Rust on peach
Peach rust is caused by the fungal pathogen Tranzschelia discolor.
Common symptoms of the disease are twig cankers, leaf lesions and fruit lesions. Not all symptoms may develop in each growing season.
Twig cankers are the first symptoms in the spring. This cankers develop after petal fall in spring during fruit development on one year old wood. Symptoms are seen as blisters and longitudinal splits in the bark.
The infection starts with water- soaked lesions, which swell and rupture the epidermal tissue of the twig. Cankers are usually found on the upper, redish side of the twig. Few days afterwards (depending on the temperature) the cankers mature and produce rusty brown powdery masses of spezialised spores (urediniospores). This urediniospores are spiny and sharply constricted at the base. At the end of the saison old cankers could be still observed, they may persist in the following season but no longer viable spores are produced.
Leaf lesions develop usually after cankers form in spring and may continue till autumn. Defoliation can occur when high numbers of infections are on single leaves. First infected leaves are in close to the twig cankers (infection source). Lesions develop as pale yellowish green spots visible on both leaf surfaces. The lesions become bright yellow and angular and with age necrotic in the center. On lower leaf surfaces numerous spore pustules (uredinia) can bee found. They become rusty brown due to the production of powdery masses of urediniospores. At the end of the season leaf lesions my turn tark brown to black and they produce two- celled teliospores. These leaf lesions are angular shaped, small size and rusty brown.
Fruit lesions develop during growing season after the symptoms of the leaves. Firstly brownish spots with green halos on mature, yellow fruits are seen. When fruit redden, the halos become greenish- yellow. Numerous infections develop on each fruit and these can lead to secondary infections by other fungal pathogens like Monilinia, Colletotrichum, Alternaria or Cladosporium.
The fungal pathogen attacks plants of the genus Prunus, including almond, apricot, cherry, peach, nectarine, plum and prune. The fungus can be seperated by special forms, based on the host where it is found. These forms are T. discolor f. sp. persicae on peach, T. discolor f. sp. dulcis on almond, T. discolor f. sp. domesticae on prune.
The fungus has multiple spore stages, which develop on two different hosts (alternate hosts). The only alternate host which is reported from California is Anemone coronaria (Ranunculaceae). The different spore stages are urediniospores, teliospores, basidiospores and aeciospores. Only urediospores and teliospores are found on Prunus sp.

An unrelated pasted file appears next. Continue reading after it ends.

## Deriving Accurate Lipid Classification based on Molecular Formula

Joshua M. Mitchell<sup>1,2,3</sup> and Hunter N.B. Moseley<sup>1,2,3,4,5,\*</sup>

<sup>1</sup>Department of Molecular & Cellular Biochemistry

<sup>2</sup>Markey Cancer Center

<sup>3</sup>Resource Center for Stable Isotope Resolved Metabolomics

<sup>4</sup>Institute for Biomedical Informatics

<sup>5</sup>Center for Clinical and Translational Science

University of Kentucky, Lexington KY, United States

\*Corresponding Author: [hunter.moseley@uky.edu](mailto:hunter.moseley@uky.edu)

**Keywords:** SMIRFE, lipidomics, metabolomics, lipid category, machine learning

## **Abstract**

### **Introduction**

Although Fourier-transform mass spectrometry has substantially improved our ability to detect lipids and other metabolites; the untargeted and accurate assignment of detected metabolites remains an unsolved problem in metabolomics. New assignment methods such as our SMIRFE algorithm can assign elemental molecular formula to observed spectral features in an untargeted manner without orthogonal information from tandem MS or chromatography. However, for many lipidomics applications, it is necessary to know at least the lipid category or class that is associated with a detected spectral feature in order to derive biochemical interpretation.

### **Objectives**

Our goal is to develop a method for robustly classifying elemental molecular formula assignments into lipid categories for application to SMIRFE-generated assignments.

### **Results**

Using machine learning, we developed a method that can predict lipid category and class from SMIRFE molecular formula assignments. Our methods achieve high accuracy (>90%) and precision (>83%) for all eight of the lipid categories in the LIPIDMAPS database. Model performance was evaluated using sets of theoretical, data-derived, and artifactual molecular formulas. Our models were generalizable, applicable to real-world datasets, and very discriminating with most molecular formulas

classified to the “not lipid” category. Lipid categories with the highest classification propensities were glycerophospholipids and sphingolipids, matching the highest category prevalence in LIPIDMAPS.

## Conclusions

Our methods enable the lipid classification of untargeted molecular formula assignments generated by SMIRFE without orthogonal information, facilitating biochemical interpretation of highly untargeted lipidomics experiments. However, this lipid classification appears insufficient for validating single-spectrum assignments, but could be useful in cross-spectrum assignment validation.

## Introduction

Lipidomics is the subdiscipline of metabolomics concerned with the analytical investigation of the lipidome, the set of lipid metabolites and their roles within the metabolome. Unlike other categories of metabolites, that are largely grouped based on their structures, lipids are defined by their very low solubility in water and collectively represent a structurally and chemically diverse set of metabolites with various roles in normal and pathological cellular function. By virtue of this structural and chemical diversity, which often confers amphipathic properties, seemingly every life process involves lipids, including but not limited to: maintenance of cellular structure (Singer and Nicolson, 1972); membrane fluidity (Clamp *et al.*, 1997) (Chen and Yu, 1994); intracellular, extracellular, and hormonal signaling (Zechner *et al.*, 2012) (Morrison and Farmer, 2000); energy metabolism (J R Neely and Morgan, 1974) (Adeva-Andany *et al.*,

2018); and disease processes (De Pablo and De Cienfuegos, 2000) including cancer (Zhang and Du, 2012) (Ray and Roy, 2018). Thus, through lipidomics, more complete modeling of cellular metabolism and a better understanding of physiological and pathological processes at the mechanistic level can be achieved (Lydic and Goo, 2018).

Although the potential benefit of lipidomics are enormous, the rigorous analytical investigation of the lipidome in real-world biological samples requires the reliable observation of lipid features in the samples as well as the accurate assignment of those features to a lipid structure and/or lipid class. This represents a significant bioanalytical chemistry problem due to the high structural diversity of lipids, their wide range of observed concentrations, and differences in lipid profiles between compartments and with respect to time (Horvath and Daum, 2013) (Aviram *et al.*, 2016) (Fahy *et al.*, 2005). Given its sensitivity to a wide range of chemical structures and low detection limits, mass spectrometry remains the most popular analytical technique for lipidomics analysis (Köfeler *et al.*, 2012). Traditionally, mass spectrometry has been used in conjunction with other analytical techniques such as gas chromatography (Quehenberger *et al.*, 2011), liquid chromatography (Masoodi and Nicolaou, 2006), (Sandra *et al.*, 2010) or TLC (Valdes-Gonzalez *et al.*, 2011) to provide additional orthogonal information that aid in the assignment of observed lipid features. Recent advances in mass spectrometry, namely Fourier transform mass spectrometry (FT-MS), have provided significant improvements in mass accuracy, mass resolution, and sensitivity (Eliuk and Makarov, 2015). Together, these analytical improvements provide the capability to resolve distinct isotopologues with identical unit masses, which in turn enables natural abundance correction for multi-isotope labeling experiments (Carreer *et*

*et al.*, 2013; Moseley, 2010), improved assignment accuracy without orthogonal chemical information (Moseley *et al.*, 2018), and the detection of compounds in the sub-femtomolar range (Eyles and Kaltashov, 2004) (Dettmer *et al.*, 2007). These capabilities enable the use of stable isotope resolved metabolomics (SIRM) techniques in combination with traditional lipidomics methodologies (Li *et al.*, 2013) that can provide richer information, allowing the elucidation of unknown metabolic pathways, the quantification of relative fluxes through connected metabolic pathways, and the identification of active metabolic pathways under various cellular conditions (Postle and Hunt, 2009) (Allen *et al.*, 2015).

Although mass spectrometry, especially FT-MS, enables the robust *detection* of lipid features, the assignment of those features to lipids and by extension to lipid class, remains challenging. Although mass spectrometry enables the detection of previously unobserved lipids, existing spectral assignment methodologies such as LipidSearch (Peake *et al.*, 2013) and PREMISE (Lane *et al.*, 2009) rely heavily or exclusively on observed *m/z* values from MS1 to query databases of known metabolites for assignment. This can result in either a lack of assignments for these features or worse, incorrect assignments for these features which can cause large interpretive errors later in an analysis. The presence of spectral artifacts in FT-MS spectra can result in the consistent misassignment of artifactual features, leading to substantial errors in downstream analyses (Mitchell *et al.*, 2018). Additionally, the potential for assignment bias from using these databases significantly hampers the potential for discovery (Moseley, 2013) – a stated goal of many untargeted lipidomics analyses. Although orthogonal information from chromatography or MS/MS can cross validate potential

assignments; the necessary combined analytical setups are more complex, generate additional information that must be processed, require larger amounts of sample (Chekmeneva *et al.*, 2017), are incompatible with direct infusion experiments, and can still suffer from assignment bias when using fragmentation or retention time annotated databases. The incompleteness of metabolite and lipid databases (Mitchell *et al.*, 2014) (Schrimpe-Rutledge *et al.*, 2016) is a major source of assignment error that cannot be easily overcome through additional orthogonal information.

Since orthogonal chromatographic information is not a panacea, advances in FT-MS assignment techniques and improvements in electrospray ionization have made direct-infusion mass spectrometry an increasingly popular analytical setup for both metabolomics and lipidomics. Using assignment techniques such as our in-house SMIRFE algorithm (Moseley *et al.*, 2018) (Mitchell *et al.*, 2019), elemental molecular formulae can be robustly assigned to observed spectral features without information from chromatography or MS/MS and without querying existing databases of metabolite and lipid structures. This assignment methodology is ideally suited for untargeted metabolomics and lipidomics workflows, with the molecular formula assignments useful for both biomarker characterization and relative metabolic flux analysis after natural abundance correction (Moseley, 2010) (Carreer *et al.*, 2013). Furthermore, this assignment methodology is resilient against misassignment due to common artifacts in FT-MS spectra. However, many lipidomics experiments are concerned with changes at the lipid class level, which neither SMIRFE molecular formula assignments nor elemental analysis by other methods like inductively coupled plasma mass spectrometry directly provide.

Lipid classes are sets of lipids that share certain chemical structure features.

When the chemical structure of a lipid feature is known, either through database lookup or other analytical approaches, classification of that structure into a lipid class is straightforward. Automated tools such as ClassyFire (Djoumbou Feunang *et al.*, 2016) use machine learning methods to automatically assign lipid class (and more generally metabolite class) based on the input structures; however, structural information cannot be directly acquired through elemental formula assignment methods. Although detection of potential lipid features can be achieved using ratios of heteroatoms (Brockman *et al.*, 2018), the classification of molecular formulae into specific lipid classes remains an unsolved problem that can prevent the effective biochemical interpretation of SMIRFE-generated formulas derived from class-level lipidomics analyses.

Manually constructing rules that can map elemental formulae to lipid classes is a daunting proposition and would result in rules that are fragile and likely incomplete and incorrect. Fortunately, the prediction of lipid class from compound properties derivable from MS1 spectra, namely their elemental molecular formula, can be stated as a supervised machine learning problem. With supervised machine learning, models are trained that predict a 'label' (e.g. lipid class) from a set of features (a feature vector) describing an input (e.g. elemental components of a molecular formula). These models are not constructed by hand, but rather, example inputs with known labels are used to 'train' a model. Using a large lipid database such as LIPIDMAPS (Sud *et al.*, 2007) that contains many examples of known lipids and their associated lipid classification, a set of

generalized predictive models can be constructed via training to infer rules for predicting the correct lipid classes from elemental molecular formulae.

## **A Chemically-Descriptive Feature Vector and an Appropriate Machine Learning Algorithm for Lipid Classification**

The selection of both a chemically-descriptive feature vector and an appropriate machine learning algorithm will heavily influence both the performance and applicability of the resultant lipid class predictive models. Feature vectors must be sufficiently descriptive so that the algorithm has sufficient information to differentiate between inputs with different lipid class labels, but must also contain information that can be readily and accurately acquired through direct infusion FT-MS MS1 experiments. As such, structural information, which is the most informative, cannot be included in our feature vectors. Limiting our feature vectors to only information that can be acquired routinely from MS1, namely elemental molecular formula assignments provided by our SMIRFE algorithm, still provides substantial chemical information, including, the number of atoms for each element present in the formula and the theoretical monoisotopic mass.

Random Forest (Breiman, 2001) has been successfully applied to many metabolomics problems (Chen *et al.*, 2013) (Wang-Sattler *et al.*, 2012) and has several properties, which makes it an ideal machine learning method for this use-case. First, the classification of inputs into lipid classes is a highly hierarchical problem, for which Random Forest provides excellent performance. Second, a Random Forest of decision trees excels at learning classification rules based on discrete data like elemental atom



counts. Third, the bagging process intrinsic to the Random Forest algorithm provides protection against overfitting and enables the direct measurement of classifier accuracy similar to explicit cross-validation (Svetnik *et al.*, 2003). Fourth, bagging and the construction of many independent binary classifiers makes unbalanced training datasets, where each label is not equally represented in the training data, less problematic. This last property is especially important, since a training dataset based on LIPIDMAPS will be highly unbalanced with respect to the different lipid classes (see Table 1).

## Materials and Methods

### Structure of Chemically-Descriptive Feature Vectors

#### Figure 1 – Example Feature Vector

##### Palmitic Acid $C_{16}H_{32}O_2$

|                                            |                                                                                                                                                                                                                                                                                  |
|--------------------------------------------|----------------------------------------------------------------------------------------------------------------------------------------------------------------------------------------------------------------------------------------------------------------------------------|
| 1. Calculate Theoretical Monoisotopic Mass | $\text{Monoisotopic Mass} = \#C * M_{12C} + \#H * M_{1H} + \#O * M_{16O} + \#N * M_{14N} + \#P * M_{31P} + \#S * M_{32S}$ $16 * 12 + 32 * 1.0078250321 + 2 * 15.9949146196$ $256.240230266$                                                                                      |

The single celled, rusty brown urediniospores are produced on peach and can re-infect peaches. This secondary infection and additionally spore production and reinfection causes epidemic damages on peach. The teliospores, which develope late in the season on peach are not able to reinfect peach. After overwintering, the teliospores germinate and produce basidiospores that infect the alternate host Anemone coronaria.
Aeciospores that are produced on A. coronaria infect only Prunus spp. and the infection produces the first cycle of urediniospores in the spring. A. coronaria is rare in stonefruit yards and probably not the source of first infection in the yards.
The fungus probably overwinters as mycelium in infected fruit wood from the previous summer or fall. In spring these infections become the twig cankers and that are the source of primary inoculum each year. Urediniospores from twig cankers infect leaves, where more spores are produced in lesions and under favourable conditions the disease becomes epidemic.
Adaskaveg JE, Soto-Estrada, A, Förster, H, Thompson, D, Hasey, J, Manji, BT, Teviotdale, B. (2000) Peach rust caused by Tranzschelia discolor in California. University of California. Agriculture and Natural Resources. http://anrcatalog. ucdavis.edu
Conditions for an infection - Output in FieldClimate.com
Urediniospores are dispersed by wind and rainfall. They germinate over a wide temperature range from 5°C to 30°C with an optimal temperature range of 10-25°C. The viability of inoculum and wetness are major factors for determination infection periods.
Leaf and twig infections can occurr over a wide range of wetness period (12 to 36hours) and temperatures (15 to 25°C). Under controlled conditions the optimal wetness duration and temperature for infection was 18 to 36 hours at 15°C to 20°C. The incubation period after infection is 8 to 10 days, whereas the incubation period for twig symptoms is 4 to 6 weeks at 20°C.